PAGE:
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“This oil is ours, it belongs to the people, not Petrobras or Shell…”




Lula May Increase Brazil’s Oil Take as Tupi Spurs Rules Review 

By Jeb Blount

Lula is examining how Brazil and producers will share revenue from offshore deposits that may hold more than $6 trillion of oil at current prices. Lula said the Tupi discovery and nearby prospects will at least triple Brazil’s crude reserves, and he wants the wealth to be shared nationwide.

“This oil is ours, it belongs to the people, not Petrobras or Shell,” Lula said in a June 26 interview in Brasilia, referring to state-controlled Petroleo Brasileiro SA and Royal Dutch Shell Plc of The Hague. “The wealth is not for the few, it’s for the many.”

Brazil would join oil-rich nations demanding a bigger piece of record profits after petroleum prices tripled in four years. State-controlled Petrobras is calling for agreements like those used by Nigeria to take ownership stakes rather than selling concessions. Unions that helped bring Lula to power in 2003 are lobbying lawmakers to nationalize the industry, a decade after opening it to competition.

“There is a lot of pressure to change the rules to give the state more power,” said Adriano Pires, head of the Brazil Infrastructure Center and a former industry regulator. “There’s a lot at stake, and not only money. The question is, does Brazil want to be like Nigeria or Norway?”

`State Secret’

Lula wouldn’t elaborate in the interview. He said the changes being considered for the so-called pre-salt fields around Tupi are a “state secret.”

Brazil, like Norway and the U.S., auctions exploration and production licenses. Companies own the oil they produce and can sell it where they choose. Petrobras, Reading, England-based BG Group Plc and Lisbon-based Galp Energia SGPS SA own Tupi, the largest oil discovery in the Americas since Mexico’s Cantarell field.

In Senate testimony last month, Petrobras Chief Executive Officer Jose Sergio Gabrielli said the government should use production-sharing contracts. The size of the discoveries and limited risks for producers make greater state control essential, he said.

Such agreements don’t always lead to the best result, said Ken Medlock, a Rice University economics professor and resident scholar at the James A. Baker III Institute for Public Policy in Houston.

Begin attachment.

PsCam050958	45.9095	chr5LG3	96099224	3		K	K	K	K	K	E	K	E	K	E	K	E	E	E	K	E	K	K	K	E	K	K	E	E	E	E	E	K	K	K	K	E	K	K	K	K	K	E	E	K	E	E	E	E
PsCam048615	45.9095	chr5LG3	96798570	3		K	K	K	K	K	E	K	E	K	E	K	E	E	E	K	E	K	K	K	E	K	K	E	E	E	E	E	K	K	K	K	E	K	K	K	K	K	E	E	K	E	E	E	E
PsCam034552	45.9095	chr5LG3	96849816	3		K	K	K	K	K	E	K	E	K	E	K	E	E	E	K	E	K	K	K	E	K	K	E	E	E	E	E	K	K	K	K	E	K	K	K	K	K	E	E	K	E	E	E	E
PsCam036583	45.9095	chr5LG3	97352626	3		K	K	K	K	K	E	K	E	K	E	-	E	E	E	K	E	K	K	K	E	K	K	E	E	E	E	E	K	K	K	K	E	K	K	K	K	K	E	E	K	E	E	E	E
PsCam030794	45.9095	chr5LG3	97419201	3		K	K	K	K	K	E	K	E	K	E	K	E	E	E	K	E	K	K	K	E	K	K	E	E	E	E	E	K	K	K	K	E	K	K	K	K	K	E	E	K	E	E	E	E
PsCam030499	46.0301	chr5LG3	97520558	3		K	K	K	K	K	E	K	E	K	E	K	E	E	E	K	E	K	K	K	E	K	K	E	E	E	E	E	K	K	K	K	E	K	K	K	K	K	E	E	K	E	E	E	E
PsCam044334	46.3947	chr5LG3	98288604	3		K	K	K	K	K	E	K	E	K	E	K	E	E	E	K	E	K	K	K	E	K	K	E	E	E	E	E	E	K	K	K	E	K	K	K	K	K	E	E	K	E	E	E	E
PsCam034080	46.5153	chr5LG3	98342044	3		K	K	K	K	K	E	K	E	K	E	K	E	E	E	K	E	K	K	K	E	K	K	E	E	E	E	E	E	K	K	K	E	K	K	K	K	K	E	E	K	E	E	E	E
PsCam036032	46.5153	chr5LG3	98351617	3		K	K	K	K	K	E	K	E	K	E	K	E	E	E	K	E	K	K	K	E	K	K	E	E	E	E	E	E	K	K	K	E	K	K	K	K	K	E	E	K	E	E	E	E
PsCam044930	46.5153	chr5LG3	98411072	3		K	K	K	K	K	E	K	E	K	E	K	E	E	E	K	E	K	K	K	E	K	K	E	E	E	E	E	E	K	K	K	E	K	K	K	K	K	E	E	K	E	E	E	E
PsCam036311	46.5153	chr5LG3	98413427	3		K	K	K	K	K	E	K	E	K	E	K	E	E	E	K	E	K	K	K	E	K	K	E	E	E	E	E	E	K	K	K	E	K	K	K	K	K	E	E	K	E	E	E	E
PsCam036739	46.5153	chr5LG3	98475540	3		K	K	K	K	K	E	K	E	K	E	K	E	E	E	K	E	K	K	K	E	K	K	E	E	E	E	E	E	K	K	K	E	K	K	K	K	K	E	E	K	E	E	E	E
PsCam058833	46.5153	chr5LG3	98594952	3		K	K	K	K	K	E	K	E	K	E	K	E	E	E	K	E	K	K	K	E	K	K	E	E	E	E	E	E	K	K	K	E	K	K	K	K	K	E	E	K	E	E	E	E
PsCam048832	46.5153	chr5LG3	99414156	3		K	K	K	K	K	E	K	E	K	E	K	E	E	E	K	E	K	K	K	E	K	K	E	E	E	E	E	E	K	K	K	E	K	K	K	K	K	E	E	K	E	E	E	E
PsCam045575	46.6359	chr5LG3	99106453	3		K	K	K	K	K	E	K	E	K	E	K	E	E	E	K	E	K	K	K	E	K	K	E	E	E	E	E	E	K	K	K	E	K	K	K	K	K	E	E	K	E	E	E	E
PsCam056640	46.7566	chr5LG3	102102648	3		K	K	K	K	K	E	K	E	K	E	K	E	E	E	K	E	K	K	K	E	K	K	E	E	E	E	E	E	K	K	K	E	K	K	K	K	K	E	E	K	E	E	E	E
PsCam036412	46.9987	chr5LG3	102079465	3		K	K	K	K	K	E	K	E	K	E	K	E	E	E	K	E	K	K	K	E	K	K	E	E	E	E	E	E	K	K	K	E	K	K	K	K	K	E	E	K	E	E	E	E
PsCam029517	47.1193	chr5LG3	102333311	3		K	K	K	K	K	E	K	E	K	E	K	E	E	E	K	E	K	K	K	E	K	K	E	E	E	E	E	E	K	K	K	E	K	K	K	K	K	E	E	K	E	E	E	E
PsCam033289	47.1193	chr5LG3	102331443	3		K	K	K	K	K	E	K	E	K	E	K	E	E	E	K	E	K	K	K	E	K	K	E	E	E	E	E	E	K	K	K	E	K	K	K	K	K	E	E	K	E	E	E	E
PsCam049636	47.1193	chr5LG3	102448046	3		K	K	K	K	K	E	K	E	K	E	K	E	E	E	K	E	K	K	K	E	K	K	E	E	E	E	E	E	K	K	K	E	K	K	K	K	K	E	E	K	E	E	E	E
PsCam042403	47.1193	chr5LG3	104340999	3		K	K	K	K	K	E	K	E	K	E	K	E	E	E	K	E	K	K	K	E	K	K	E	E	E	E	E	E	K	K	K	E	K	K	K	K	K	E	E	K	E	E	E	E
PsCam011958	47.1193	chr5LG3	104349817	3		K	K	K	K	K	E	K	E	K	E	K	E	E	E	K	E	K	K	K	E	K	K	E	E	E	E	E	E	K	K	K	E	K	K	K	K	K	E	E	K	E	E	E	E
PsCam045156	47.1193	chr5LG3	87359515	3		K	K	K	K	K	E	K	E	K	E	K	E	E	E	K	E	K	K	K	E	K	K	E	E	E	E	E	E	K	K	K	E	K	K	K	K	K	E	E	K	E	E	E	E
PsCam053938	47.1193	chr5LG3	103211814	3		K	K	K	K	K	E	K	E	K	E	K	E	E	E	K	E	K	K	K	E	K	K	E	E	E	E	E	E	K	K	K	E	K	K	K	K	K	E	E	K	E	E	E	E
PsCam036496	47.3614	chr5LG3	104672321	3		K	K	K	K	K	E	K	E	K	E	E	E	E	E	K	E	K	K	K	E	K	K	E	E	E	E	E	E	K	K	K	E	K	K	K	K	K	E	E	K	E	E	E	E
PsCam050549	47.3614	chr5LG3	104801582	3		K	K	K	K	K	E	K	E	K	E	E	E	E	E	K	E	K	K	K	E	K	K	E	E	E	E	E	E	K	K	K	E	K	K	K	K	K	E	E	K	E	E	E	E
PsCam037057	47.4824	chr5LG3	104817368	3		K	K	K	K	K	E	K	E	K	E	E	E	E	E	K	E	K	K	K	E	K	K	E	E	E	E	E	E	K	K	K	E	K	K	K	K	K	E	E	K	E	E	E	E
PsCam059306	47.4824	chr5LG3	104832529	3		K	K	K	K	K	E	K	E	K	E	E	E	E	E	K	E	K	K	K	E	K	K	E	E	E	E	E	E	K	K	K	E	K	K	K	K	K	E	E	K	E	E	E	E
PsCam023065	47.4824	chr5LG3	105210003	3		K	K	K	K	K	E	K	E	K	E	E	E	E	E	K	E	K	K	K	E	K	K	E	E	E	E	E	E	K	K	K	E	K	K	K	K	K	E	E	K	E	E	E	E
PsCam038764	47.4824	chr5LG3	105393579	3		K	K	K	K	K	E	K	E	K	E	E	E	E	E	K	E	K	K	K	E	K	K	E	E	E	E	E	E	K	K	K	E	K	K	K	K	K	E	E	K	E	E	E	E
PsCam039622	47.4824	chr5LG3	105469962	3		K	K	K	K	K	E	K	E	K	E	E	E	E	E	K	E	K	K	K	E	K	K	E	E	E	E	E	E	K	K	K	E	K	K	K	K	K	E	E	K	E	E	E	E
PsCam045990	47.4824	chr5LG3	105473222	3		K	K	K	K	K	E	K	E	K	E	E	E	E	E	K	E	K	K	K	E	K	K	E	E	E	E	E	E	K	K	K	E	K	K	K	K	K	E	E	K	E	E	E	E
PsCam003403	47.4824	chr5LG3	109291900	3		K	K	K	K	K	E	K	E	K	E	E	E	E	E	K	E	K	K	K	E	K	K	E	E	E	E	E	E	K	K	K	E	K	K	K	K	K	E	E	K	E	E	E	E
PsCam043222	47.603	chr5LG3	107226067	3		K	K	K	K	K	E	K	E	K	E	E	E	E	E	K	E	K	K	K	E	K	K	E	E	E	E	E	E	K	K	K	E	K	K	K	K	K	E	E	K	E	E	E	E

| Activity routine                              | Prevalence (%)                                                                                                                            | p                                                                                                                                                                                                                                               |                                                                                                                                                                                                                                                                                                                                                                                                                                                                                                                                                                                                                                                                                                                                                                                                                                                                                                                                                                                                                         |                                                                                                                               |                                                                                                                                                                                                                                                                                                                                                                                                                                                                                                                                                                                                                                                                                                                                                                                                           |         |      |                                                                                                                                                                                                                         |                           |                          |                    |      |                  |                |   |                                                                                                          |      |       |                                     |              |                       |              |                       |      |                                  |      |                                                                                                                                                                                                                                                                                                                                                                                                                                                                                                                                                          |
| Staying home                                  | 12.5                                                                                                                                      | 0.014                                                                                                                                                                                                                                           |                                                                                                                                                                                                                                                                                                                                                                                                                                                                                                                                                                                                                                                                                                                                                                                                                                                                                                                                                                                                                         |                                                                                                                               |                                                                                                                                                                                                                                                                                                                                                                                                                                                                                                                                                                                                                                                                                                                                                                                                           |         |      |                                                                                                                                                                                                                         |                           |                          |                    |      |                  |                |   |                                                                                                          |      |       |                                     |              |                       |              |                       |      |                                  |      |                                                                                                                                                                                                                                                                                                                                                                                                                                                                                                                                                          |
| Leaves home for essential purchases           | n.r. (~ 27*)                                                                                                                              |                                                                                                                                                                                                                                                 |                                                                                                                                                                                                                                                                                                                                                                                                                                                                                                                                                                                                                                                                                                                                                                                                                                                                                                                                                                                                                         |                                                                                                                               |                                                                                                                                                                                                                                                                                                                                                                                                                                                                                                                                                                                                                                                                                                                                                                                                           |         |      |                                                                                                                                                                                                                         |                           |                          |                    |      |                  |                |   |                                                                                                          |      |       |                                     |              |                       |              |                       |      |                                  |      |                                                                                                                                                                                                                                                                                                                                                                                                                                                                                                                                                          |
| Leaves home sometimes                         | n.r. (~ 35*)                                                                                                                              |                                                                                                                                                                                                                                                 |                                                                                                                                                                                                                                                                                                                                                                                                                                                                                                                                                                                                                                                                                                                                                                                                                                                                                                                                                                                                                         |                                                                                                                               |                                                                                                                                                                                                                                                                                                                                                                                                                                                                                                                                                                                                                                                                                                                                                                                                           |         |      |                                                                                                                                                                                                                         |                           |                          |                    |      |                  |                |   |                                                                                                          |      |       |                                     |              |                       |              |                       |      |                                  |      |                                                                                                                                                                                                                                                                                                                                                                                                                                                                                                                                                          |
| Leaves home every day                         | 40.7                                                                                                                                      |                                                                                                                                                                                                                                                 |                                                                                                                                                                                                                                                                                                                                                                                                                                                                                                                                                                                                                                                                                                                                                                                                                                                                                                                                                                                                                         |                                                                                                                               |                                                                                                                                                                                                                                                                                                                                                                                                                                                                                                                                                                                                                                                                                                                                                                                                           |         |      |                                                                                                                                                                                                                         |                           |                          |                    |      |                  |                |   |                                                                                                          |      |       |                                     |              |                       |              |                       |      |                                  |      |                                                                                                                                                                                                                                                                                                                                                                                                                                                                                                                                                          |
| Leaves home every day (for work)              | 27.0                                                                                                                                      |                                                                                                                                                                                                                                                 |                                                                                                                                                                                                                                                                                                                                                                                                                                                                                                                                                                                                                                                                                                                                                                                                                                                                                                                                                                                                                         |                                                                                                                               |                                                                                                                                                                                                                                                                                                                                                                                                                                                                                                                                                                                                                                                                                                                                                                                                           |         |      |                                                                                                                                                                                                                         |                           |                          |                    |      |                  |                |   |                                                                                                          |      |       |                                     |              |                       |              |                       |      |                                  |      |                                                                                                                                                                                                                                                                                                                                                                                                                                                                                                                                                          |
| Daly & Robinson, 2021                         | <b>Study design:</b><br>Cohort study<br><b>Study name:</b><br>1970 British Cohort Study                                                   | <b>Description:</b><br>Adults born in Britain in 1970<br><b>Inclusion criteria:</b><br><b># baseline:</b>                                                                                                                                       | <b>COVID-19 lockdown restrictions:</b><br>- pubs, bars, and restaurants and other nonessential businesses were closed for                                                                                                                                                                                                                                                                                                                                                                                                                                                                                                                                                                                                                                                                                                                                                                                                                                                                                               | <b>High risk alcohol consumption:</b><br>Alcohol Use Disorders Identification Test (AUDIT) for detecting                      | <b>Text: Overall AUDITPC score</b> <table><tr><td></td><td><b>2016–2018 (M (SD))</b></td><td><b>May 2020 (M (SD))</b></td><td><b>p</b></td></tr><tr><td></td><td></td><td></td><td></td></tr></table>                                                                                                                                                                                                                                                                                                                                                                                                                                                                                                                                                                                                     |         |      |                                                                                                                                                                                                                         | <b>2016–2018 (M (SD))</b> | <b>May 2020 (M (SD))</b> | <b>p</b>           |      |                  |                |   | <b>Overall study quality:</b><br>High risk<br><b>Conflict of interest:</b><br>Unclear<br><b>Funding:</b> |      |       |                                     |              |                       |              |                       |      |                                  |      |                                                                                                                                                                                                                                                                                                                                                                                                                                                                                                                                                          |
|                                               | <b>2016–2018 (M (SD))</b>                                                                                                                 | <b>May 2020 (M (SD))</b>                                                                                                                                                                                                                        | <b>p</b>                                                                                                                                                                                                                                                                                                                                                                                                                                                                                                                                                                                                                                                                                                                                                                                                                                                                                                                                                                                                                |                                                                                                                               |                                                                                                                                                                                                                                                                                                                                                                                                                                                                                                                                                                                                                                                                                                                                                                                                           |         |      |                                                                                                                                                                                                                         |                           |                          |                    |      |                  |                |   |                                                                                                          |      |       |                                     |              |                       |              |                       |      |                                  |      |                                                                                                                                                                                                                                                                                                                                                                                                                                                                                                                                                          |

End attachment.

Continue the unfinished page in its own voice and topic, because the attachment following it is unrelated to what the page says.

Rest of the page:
Producer Incentives

Oil companies require incentives under production sharing, and contracts often aren’t as transparent as concession auctions, Medlock said. “One of the dangers in changing the rules is that you may leave billions of dollars on the table,” he said.

After Rio de Janeiro-based Petrobras said in November that Tupi may hold 8 billion barrels of recoverable oil, Brazil removed nearby blocks from an auction scheduled for that month, saying the exploration risks and potential rewards had changed.

Tupi and other prospects may hold as much as 50 billion barrels of oil, according to Peter Wells, director of U.K. research firm Neftex Petroleum Consultants Ltd.

Production-sharing agreements may allow Brazil to get oil deposits developed quickly by dealing with a small group of experienced producers, Wells said.

Brazil’s Oilworkers Confederation, part of the union movement that backed Lula, wants a return to monopoly status for Petrobras and state control of the oil industry.

`Last Resort’

“We realize we probably aren’t going to get what we want, but we know the congress and will push for major changes to the country’s oil law,” said Helio Seidel, national coordinator of the confederation. Short of nationalization, he said, the union favors production sharing as “a last resort.”

Brazil has increased oil output by more than 80 percent since opening the industry to competition in 1998, transforming the country into an exporter.Petrobras‘s market value climbed to 400 billion reais ($250 billion), sixth-largest in the world. Its shares jumped 49 percent in the past year, seven times the gain by major U.S. oil producers.

“I don’t know why people want to meddle so much with something that has worked so well,” said Ivan Simoes, head of exploration and production at the Brazilian Petroleum Institute.

Rules changes would “threaten to reduce investment just as we need more,” Simoes said. His trade group supports a plan to double maximum royalties on large fields to 80 percent, a move that would avoid a legislative process that could put the future of Brazilian oil in doubt for years.

Brazil has tried for more than three years to complete a law governing natural gas, said Rodolpho Tourinho, an adviser to the Sao Paulo Federation of Industry.

“I have faith in Brazil that it won’t do the wrong thing,” said Tourinho, who was energy minister and chairman of Petrobras from 1999 to 2001. “Therules we have will need to be good for years and years to come, well beyond this government.”

To contact the reporter on this story: Jeb Blount in Rio de Janeiro at[email protected].

Last Updated: July 9, 2008 00:00 EDT

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